Multiple incidents underscore the proliferation of prejudice against Muslims within educational institutions, including schools and colleges. Despite their primary mandate of imparting education and fostering a sense of inclusivity among students regardless of their religious affiliations, teachers within these establishments have exhibited pronounced biases against Muslims and their religious symbols. One recent occurrence in Maharashtra’s Akola region highlights this trend, wherein a 15-year-old Muslim student succumbed to suicide shortly after allegedly enduring physical assault by a teacher at his school. The family of the deceased has accused school faculty of subjecting the student to mental torment due to his Muslim identity. According to the student’s father, the teacher’s disparaging remarks, such as threats of expulsion and derogatory statements about the student’s religious background, profoundly affected the child, exacerbating his distress. Similarly, in another incident that transpired in Uttar Pradesh, a teacher at a private school in Muzaffarnagar directed students in her classroom to sequentially strike a seven-year-old Muslim student, explicitly referencing his Muslim faith and employing derogatory language towards “Mohammedan children” due to his purported failure in reciting multiplication tables. These incidents collectively underscore the pervasiveness of discriminatory attitudes towards Muslims within educational settings, indicative of a broader societal trend that compromises the foundational principles of equity and impartiality in education.

In contemporary society, numerous incidents serve as poignant illustrations of the prevailing prejudice against Muslims, even within ostensibly private spheres. A notable instance is exemplified by Ziya Us Salam, the Associate Editor of The Hindu Newspaper, who disclosed a personal encounter during an interview with The Wire. Mr. Salam recounted an incident wherein he visited a shopping mall for routine grocery procurement. Amidst the customary flow of patrons, he discerned a notable discrepancy in treatment. While others were expeditiously processed, Mr. Salam found himself subjected to an exhaustive scrutiny of his shopping cart by the security personnel, resulting in a significant delay. When Mr. Salam queried, ‘Bhayya itni der kyun lag raha ho? Apne sabko toh jane diya’ (Brother, why is it taking so long? You’ve let everyone else go),’ he received the response, ‘Aadmi dekh kr kam kiya jata hai’ (Work is done by observing people). Mr. Salam perceived this treatment as discriminatory, attributing it to his Muslim identity, particularly evident due to his beard. This episode underscores the pervasiveness of bias against Muslims, even in ostensibly neutral private settings.

In recent years, the Indian media landscape has come under intense scrutiny, revealing its complicity in perpetuating institutionalized communalism against Muslims within the nation. Through the deliberate utilization of biased reporting, sensationalism, and misrepresentation, certain media entities have been directly implicated in the systematic marginalization and vilification of the Muslim community. Instead of adhering to the foundational principles of impartiality and journalistic integrity, these organizations have consistently demonstrated a propensity for aligning themselves with specific political agendas and ideological biases, thus actively propagating narratives that serve to demonize Muslims and reinforce entrenched negative stereotypes. A significant manifestation of this institutionalized bias is evident in the response of The News Broadcasting and Digital Standards Authority (NBDSA) to numerous instances of flagrant violations of broadcasting standards and guidelines relating to racial and religious harmony. The NBDSA’s intervention has led to the issuance of directives to several mainstream news channels, including News18 India, Times Now Navbharat, and Aaj Tak, urging them to retract specific programs aired within the past two years. Furthermore, punitive measures in the form of fines have been imposed on these broadcasters. For instance, News18 India faced a monetary penalty of Rs 75,000 for two instances of broadcasting Aman Chopra’s program, wherein polarizing statements were made, exacerbating the potential for communal discord. Similarly, Times Now Navbharat incurred a substantial fine of Rs 1 lakh for broadcasting a program on “love jihad” hosted by Himanshu Dixit, which peddled generalized narratives concerning violence against women from select communities. Furthermore, Aaj Tak received a stern warning in response to a program hosted by Sudhir Chaudhary addressing violence during Ram Navami, which was deemed to unfairly target the Muslim community. These punitive actions underscore the systematic perpetuation of institutionalized communalism within the Indian media, wherein narratives and representations consistently serve to undermine the rights and dignity of the Muslim populace, thereby exacerbating existing societal divisions and tensions.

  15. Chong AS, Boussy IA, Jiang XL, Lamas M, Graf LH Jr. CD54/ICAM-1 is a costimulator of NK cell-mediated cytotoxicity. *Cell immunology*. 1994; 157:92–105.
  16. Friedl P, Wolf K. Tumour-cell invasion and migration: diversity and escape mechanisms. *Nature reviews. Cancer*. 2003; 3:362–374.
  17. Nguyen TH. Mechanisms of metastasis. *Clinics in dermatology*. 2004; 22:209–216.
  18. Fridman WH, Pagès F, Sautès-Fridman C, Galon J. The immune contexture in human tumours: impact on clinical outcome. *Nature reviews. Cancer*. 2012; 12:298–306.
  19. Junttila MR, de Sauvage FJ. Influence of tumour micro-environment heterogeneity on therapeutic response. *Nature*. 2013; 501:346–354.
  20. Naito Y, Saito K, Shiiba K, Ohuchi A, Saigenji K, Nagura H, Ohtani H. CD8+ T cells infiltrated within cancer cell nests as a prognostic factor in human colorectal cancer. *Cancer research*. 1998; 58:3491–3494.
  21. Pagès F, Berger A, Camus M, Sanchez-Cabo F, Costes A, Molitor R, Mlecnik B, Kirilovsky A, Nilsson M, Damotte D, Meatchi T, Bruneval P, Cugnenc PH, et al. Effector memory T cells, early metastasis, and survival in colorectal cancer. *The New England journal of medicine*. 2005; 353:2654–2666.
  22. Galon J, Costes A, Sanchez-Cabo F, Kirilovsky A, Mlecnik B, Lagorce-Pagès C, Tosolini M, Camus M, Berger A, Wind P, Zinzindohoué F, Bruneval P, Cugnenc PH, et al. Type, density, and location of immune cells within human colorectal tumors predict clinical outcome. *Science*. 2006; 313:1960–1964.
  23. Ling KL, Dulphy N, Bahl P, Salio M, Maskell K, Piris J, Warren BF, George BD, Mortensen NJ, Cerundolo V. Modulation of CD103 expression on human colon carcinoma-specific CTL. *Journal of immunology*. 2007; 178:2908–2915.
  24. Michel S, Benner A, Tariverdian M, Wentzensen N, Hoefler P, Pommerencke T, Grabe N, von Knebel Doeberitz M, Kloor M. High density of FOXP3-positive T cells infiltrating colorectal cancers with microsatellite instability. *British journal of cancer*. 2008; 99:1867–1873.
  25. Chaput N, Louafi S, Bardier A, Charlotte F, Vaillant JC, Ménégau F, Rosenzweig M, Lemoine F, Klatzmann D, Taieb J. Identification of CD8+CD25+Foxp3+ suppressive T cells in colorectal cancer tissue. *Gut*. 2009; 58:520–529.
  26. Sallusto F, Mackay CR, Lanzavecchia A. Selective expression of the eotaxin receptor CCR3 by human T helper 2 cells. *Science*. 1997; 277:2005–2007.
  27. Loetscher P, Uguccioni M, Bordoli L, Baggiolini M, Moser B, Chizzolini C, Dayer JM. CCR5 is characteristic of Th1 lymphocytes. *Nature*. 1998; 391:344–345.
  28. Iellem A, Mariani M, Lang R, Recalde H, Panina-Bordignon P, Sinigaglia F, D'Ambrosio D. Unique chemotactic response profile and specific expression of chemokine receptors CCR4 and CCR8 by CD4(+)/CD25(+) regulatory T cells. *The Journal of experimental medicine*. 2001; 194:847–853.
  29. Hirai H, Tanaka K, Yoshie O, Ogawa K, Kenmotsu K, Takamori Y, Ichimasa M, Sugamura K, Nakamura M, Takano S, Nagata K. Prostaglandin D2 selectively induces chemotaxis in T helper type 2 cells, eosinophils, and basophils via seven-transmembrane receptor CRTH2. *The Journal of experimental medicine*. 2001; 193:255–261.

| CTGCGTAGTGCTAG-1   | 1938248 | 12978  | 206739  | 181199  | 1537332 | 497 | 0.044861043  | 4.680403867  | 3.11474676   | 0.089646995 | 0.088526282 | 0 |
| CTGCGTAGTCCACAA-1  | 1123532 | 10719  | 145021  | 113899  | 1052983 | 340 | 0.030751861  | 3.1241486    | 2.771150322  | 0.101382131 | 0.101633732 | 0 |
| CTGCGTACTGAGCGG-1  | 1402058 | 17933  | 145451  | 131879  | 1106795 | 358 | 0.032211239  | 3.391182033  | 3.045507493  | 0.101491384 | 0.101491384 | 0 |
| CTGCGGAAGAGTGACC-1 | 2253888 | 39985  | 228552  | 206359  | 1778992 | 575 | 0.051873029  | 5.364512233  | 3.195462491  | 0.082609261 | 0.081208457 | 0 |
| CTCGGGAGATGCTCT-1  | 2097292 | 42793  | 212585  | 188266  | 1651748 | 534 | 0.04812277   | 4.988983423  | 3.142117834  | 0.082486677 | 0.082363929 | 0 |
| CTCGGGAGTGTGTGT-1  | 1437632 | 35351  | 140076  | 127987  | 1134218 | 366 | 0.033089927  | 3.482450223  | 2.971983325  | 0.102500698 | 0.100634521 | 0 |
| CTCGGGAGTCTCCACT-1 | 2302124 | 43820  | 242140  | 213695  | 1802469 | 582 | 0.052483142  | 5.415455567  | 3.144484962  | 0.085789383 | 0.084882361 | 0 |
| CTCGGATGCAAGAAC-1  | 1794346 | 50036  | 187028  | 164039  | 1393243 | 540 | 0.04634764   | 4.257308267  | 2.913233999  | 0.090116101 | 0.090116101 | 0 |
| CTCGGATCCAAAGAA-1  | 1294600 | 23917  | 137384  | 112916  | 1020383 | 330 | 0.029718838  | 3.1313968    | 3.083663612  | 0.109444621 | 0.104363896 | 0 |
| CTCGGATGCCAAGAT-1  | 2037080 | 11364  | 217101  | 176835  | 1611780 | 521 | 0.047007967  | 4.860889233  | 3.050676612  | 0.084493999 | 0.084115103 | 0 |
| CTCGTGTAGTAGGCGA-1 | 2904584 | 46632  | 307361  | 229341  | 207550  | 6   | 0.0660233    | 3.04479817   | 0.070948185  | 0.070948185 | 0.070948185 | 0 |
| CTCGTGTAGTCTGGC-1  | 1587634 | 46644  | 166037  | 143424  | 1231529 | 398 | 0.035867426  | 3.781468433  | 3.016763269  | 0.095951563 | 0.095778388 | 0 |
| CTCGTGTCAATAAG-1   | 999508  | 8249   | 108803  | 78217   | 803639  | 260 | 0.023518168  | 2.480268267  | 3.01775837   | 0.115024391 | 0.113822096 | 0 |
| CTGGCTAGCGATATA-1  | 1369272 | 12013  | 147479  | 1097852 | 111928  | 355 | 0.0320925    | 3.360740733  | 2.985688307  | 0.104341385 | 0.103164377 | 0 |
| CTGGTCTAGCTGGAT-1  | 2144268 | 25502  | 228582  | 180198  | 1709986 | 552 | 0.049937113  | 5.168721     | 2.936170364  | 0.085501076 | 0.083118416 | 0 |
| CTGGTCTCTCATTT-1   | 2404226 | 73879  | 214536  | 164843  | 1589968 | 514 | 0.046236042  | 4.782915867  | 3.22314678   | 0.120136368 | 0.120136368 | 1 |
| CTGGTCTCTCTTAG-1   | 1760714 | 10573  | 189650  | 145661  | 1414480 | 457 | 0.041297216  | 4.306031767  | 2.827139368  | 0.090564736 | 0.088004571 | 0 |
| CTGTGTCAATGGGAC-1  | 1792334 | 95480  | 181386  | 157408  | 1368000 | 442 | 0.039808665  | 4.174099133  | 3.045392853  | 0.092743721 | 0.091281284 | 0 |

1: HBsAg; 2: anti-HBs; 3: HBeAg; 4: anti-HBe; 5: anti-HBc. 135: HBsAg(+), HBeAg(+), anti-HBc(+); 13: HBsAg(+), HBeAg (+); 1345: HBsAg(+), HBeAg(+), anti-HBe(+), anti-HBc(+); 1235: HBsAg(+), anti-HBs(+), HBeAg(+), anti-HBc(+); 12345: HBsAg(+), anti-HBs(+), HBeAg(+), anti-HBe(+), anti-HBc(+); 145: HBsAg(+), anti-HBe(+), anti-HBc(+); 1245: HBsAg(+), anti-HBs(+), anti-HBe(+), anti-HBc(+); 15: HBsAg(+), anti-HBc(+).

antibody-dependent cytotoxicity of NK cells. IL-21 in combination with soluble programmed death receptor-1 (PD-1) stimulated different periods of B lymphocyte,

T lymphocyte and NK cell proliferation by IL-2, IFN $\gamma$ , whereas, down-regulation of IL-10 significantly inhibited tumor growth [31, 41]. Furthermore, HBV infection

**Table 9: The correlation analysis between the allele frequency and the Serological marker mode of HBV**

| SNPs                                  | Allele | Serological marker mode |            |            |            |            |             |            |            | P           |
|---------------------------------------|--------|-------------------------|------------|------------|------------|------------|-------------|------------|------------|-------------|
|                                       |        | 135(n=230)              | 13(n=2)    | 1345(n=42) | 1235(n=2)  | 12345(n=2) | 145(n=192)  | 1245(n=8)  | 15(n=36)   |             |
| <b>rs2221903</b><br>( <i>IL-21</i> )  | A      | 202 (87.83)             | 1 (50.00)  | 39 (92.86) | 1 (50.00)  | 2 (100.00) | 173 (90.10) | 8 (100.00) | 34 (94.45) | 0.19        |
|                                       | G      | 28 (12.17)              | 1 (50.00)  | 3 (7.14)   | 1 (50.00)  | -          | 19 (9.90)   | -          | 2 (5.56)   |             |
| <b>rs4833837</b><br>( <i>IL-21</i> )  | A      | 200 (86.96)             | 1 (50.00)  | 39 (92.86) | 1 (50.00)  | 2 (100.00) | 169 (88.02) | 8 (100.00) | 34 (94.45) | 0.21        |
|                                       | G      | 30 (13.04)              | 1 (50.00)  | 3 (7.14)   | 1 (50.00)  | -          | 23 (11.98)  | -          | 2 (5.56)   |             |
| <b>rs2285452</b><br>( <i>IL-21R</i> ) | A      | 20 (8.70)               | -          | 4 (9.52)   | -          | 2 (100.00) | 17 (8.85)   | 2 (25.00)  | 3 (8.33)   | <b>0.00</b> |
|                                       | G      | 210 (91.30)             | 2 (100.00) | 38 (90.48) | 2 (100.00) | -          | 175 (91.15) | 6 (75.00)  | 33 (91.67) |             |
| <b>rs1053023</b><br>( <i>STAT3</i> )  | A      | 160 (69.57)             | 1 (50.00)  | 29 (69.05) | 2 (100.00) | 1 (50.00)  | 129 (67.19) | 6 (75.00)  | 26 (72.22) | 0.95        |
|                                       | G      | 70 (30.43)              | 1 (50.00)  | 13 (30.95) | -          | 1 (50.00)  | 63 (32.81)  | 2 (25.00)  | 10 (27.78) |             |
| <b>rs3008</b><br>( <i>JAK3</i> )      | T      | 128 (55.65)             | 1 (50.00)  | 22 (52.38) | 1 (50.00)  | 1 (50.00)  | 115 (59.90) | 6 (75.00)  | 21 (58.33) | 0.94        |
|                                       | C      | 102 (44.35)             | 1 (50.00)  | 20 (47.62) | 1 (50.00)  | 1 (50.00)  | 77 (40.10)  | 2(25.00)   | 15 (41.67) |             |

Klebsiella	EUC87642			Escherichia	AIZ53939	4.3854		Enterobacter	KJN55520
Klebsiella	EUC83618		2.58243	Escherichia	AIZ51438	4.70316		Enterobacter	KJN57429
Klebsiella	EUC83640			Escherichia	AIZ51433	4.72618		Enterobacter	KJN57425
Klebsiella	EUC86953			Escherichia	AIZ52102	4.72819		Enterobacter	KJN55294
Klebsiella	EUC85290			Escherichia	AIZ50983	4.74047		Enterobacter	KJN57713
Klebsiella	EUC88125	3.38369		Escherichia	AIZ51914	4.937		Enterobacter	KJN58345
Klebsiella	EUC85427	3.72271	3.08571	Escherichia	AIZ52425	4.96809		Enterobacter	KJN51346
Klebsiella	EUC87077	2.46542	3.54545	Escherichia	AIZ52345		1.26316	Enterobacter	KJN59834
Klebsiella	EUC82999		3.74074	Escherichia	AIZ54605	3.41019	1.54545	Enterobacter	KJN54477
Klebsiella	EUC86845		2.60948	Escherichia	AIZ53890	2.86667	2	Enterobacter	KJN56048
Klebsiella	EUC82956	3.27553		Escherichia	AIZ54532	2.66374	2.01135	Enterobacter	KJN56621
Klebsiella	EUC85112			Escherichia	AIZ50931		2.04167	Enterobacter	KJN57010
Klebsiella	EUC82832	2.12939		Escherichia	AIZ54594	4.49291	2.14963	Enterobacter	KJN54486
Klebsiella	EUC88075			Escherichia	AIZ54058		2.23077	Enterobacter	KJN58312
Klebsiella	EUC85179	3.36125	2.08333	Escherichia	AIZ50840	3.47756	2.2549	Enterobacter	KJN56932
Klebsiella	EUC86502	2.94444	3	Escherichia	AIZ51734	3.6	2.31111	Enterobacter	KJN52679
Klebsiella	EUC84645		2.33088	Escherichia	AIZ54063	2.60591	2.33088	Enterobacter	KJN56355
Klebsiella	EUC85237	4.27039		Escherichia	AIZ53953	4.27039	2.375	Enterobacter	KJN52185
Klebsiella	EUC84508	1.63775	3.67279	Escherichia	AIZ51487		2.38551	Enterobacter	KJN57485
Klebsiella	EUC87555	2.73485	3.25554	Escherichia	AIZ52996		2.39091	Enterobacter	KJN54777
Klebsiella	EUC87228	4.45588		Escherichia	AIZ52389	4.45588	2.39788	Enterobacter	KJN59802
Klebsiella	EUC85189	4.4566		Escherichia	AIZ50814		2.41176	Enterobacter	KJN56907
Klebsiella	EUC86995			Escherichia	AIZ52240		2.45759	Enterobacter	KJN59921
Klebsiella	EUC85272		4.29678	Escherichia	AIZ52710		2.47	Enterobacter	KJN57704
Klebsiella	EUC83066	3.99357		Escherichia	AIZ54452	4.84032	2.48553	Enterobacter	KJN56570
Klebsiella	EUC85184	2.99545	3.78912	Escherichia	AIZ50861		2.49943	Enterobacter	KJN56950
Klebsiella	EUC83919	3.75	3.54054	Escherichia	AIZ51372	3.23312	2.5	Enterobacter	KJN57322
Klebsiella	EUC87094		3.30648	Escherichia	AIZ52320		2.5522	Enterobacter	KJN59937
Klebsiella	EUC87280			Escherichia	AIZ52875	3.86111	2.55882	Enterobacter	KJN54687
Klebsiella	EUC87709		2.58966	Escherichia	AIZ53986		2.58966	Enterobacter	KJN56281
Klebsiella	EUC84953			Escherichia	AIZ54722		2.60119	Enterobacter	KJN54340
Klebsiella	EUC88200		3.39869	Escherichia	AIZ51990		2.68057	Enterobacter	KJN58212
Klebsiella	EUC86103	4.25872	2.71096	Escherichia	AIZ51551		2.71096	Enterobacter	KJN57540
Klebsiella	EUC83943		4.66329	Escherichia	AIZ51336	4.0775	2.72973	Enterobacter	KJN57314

Concluding, the widespread existence of institutionalized communalism targeting Muslims in India represents a serious challenge to the country’s social unity and its core principles of secularism and inclusivity. Discriminatory legislation, prejudiced conduct in educational settings, and biased portrayals in media outlets contribute to the marginalization of Muslims across different areas. This sustains an environment of apprehension and uncertainty, hampering societal cohesion and advancement. In essence, the incidents and patterns delineated underscore a harsh truth: institutionalized communalism against Muslims in India persists profoundly, eroding the foundations of secularism and equality within the nation.

Mohd Kashif is a Ph.D. scholar, department of history and culture, Jamia Millia Islamia University, New Delhi.